Wednesday, August 27, 2014

brewpub vs gastropub

For some reason I feel inclined to write a post about this. Countless times over the past few years I've heard references to both brewpub and gastropub being used interchangeably. And, countless times I've tried to explain the difference only to have the explanation go in one ear and out the other. Maybe words coming out of my mouth are confusing. I do admit, I'm a technical person and am at times unable to speak out loud in generalities and the point gets lost, even putting people to sleep at times. Hopefully writing about it is more clear and concise and can clear up some confusion (for those that may be confused that is).

Note: I know I'll probably miss intricate details in the TABC codes and licenses but that's not the point of this article. This article is to give a clear and concise, yet general, definition of both brewpub and gastropub so people know the difference.

Brewpub: Location where beer is brewed AND sold on-site. This simply means that the beer is brewed at the same place you purchase the beer.

However, because of a recent change in Texas alcohol laws, brewpubs that brew up to a certain amount can now self distribute. This simply means that you could find Pinthouse Pizza or the soon-to-be Brain Dead beer in your local beer store if they choose to do so.

Examples of brewpubs: Uncle Billy's, Pinthouse Pizza, Zio Carlo Brewpub, Black Star Co-op, Malai Kitchen

Fun Fact: Uncle Billy's in Austin is the first brewpub in Texas to self distribute. You can find their beer in several establishments in Austin and in cans as well.

Common question: Aren't brewpubs also restaurants? Not necessarily. Food does not have to be served to be a brewpub. Take Draught House in Austin for example. They are more of a bar than anything, but they also happen to brew their own beer on site, making them a brewpub. However, more times than not you will find a brewpub with a restaurant as well.

Tap Handles at gastropub LUCK

Gastropub: A restaurant not only dedicated to serving quality food but serving quality beer alongside it. Many gastropubs take it a step further and do beer dinners and beer tastings and employ certified cicerones and beer servers.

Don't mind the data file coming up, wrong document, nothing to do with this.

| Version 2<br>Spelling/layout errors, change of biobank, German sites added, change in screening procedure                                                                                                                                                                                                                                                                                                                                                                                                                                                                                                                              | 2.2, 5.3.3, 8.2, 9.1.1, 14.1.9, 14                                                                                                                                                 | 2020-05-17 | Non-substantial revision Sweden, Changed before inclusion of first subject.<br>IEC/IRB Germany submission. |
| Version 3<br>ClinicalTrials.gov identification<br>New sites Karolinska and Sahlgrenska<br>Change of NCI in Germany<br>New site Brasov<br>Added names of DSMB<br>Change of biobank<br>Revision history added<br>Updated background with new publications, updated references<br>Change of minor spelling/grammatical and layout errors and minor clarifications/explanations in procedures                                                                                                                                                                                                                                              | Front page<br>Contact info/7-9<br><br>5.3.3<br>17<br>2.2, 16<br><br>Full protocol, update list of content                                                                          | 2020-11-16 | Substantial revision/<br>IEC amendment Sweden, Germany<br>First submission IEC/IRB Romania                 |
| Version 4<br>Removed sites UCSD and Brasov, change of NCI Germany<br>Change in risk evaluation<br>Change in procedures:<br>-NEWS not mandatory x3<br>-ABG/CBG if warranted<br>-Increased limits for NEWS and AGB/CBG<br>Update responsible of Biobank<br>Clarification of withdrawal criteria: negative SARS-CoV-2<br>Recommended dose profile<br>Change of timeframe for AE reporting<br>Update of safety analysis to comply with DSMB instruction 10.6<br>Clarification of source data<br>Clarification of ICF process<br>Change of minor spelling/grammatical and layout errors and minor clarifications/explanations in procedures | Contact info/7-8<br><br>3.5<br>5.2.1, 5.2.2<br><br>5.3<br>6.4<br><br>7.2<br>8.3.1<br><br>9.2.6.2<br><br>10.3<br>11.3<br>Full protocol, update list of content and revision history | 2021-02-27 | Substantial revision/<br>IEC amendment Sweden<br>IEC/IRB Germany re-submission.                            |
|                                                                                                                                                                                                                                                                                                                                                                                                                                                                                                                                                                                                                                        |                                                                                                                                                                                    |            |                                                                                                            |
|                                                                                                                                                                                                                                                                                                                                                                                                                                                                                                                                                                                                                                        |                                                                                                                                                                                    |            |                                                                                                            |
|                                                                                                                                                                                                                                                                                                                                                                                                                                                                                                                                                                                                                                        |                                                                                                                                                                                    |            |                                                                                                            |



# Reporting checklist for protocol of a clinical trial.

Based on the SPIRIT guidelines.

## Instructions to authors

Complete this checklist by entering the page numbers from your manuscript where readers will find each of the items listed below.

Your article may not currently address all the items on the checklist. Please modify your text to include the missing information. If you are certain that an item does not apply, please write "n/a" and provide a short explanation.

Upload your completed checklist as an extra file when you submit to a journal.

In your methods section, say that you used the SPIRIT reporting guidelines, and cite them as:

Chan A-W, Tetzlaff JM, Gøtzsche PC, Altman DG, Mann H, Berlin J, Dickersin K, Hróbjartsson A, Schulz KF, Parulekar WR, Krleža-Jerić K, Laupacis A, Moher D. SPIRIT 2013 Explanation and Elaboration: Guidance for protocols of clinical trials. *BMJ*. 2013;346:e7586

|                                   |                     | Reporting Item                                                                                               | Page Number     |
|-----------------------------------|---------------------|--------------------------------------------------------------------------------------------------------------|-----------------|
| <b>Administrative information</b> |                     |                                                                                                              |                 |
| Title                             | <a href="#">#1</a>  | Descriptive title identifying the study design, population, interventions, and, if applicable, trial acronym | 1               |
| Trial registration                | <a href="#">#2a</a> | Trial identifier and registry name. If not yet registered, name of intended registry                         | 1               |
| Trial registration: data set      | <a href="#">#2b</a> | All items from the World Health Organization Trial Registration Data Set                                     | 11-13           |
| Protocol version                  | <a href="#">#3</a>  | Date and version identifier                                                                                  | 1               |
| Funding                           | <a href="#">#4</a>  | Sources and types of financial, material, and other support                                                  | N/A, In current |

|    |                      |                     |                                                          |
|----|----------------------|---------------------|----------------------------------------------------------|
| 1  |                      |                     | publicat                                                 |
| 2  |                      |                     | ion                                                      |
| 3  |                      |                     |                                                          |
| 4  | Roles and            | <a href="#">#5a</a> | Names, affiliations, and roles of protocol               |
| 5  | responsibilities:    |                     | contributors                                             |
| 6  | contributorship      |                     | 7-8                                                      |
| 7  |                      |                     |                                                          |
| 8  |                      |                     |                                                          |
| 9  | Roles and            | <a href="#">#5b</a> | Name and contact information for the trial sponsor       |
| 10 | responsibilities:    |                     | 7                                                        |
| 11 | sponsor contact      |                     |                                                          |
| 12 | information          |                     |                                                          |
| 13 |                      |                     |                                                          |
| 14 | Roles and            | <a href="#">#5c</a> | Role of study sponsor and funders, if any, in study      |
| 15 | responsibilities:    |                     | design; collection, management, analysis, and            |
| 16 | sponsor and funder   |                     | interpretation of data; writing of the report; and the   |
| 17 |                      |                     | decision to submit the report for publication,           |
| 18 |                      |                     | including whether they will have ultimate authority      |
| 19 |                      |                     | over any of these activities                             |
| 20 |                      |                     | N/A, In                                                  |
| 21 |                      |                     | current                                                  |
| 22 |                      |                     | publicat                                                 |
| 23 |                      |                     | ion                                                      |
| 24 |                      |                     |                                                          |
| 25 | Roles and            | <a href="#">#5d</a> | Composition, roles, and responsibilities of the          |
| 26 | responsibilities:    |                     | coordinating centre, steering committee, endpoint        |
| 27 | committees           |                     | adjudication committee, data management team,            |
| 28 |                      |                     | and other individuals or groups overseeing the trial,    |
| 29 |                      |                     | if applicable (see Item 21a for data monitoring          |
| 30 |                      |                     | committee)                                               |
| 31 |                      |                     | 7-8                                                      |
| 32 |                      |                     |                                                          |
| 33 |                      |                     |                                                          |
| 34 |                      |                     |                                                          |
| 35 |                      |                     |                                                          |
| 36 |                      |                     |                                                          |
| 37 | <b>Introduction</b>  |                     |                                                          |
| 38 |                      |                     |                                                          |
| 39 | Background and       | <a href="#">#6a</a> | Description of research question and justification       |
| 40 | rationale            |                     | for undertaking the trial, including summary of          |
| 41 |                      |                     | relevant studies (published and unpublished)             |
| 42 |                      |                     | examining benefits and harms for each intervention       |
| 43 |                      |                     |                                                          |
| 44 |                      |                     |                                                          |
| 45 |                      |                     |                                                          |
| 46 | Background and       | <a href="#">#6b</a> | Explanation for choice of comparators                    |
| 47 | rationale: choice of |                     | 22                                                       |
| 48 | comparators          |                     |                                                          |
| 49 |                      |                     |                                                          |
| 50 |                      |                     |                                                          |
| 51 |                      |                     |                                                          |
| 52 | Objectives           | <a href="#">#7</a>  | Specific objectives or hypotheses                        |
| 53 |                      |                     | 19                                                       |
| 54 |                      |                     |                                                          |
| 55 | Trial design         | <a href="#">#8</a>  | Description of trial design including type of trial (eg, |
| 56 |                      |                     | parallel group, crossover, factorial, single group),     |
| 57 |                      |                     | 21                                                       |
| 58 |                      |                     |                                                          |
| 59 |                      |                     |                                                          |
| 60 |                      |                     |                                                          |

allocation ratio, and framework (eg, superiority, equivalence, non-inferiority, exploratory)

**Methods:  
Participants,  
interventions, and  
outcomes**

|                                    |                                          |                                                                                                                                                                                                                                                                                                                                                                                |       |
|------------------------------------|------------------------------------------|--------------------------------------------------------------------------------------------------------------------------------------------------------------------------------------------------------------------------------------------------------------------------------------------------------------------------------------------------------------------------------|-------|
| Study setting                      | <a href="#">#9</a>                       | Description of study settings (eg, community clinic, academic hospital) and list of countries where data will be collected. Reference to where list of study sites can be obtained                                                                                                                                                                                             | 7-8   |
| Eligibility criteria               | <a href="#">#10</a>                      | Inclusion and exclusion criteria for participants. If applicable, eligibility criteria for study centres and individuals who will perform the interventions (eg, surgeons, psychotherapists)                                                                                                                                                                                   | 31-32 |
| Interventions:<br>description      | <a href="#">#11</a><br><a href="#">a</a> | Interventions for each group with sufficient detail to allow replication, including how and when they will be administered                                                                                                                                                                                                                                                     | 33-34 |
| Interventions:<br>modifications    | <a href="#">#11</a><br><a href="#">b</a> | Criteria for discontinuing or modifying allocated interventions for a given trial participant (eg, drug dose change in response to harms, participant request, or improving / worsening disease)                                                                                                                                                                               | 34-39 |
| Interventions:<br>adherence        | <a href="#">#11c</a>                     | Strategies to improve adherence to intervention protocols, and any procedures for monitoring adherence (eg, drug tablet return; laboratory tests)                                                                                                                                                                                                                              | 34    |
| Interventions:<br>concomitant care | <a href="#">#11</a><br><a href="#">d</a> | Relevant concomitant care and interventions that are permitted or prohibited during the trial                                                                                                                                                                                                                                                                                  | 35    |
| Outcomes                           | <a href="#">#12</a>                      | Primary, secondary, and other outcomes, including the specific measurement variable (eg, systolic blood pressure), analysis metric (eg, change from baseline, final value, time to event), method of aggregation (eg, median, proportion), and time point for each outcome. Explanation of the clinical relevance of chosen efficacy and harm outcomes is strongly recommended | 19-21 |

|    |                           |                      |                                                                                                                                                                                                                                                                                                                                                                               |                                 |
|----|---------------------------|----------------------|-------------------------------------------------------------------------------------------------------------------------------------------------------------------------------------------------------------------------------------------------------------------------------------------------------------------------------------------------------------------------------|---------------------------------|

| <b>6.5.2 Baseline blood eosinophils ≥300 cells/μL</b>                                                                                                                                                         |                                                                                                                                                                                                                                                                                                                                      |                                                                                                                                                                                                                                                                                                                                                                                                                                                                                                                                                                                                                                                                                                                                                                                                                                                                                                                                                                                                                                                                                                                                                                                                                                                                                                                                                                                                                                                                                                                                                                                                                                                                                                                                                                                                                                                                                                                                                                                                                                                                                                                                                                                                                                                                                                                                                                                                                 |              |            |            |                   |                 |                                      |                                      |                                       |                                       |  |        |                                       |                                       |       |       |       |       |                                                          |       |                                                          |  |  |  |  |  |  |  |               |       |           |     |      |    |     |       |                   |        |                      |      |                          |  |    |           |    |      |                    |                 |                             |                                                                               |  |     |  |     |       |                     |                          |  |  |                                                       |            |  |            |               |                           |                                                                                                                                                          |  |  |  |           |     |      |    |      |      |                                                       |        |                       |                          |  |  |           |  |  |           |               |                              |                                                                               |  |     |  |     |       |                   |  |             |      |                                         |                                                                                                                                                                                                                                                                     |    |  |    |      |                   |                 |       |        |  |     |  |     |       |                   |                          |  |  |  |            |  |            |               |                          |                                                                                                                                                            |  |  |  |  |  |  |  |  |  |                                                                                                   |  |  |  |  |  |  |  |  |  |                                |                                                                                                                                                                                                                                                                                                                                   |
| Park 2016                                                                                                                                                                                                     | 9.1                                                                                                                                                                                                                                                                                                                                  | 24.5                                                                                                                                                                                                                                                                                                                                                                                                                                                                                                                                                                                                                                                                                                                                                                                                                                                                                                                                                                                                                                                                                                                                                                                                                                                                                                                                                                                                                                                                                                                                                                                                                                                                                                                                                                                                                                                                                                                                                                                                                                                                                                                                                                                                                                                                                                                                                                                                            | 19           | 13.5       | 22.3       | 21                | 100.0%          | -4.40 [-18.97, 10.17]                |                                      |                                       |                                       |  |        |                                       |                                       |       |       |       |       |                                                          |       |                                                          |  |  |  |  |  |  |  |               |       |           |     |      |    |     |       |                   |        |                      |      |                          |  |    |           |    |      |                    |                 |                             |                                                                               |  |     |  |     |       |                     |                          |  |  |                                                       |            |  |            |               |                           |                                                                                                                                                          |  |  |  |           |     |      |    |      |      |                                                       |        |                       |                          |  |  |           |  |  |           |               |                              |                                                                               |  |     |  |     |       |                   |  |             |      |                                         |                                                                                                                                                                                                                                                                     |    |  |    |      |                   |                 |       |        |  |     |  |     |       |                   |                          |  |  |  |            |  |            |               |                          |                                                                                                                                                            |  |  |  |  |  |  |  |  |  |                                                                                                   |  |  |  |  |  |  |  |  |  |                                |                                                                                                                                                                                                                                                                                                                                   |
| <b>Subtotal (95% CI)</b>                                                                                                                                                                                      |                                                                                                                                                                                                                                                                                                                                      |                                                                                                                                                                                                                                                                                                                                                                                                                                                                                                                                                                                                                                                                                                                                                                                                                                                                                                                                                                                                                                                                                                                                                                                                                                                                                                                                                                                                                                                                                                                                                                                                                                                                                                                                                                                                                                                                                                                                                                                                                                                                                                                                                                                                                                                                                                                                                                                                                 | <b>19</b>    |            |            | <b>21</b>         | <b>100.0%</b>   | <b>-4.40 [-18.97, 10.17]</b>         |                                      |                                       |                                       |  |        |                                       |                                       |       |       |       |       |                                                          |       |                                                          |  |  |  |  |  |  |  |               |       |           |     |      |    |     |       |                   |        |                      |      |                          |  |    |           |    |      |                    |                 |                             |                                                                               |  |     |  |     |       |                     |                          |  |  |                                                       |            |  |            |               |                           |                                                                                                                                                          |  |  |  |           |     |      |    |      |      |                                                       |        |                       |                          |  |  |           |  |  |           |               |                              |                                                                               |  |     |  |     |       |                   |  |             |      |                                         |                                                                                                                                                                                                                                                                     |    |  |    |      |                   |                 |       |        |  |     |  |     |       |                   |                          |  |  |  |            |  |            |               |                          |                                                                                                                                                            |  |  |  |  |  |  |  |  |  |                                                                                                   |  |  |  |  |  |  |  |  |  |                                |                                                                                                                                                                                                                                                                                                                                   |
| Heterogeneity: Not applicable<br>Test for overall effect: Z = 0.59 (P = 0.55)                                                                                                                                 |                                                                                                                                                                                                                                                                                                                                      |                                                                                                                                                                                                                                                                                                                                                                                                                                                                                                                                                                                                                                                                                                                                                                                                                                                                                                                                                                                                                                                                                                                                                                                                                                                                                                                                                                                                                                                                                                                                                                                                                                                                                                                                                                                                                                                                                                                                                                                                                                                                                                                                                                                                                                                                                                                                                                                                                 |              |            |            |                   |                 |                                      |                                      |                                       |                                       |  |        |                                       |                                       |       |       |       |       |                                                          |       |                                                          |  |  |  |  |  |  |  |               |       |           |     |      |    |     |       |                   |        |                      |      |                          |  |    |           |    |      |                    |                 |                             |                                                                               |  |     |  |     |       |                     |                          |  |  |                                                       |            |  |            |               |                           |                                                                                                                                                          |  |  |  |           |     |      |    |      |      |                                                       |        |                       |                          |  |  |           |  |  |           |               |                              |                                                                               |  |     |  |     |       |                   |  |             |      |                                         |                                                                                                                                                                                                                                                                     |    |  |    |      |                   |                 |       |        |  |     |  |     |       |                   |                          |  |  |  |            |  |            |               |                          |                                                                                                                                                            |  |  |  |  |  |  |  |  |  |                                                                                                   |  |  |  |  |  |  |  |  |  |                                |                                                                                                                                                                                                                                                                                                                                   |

The term gastropub is being thrown around almost as haphazardly as Organic or Craft now, and this is disturbing to say the least. Oh, we have beer and food, we should call ourselves a gastropub and charge $8 for a beer. It is, in fact, all the rage right now. However, few truly grasp the concept and actually deliver. Meddlesome Moth and LUCK in Dallas are prime examples of a gastropub. It's right in between casual and fine dining with a heavy focus on the beer and food cohesiveness. The food isn't pretentious, more like elevated pub fare. Not only that, the beer is elevated with an educated staff (including a Certified Cicerone for their beer curator) and a dedication to proper serving. It's places like this where I don't mind spending a little extra for a pint because I know the quality put in behind it. Even then, a good gastropub won't charge any more than $5 or $6 for a regular (non special release) pint of beer (i.e standard pale ale, IPA, etc...), any more than that and you are taking away from the affordability and approachability of craft beer. I always say, if you're charging as much as an airport bar, you're too expensive! Another example of a great gastropub is Hopfields in Austin.

There are many gastropub posers out there, so beware. Just because local craft beer you have, does not a gastropub make you. Yep, just dropped a little Yoda on you.

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  1. We recently had a gastropub open up in our town and my friend mentioned how it wasn't like a regular brewpub, so I got curious what the difference was! So, at a brewpub the beer is made there, but not at a gastropub? That's so interesting. Sounds like a fun place to go get some dinner, though, and try out some new beer! Thanks for the information!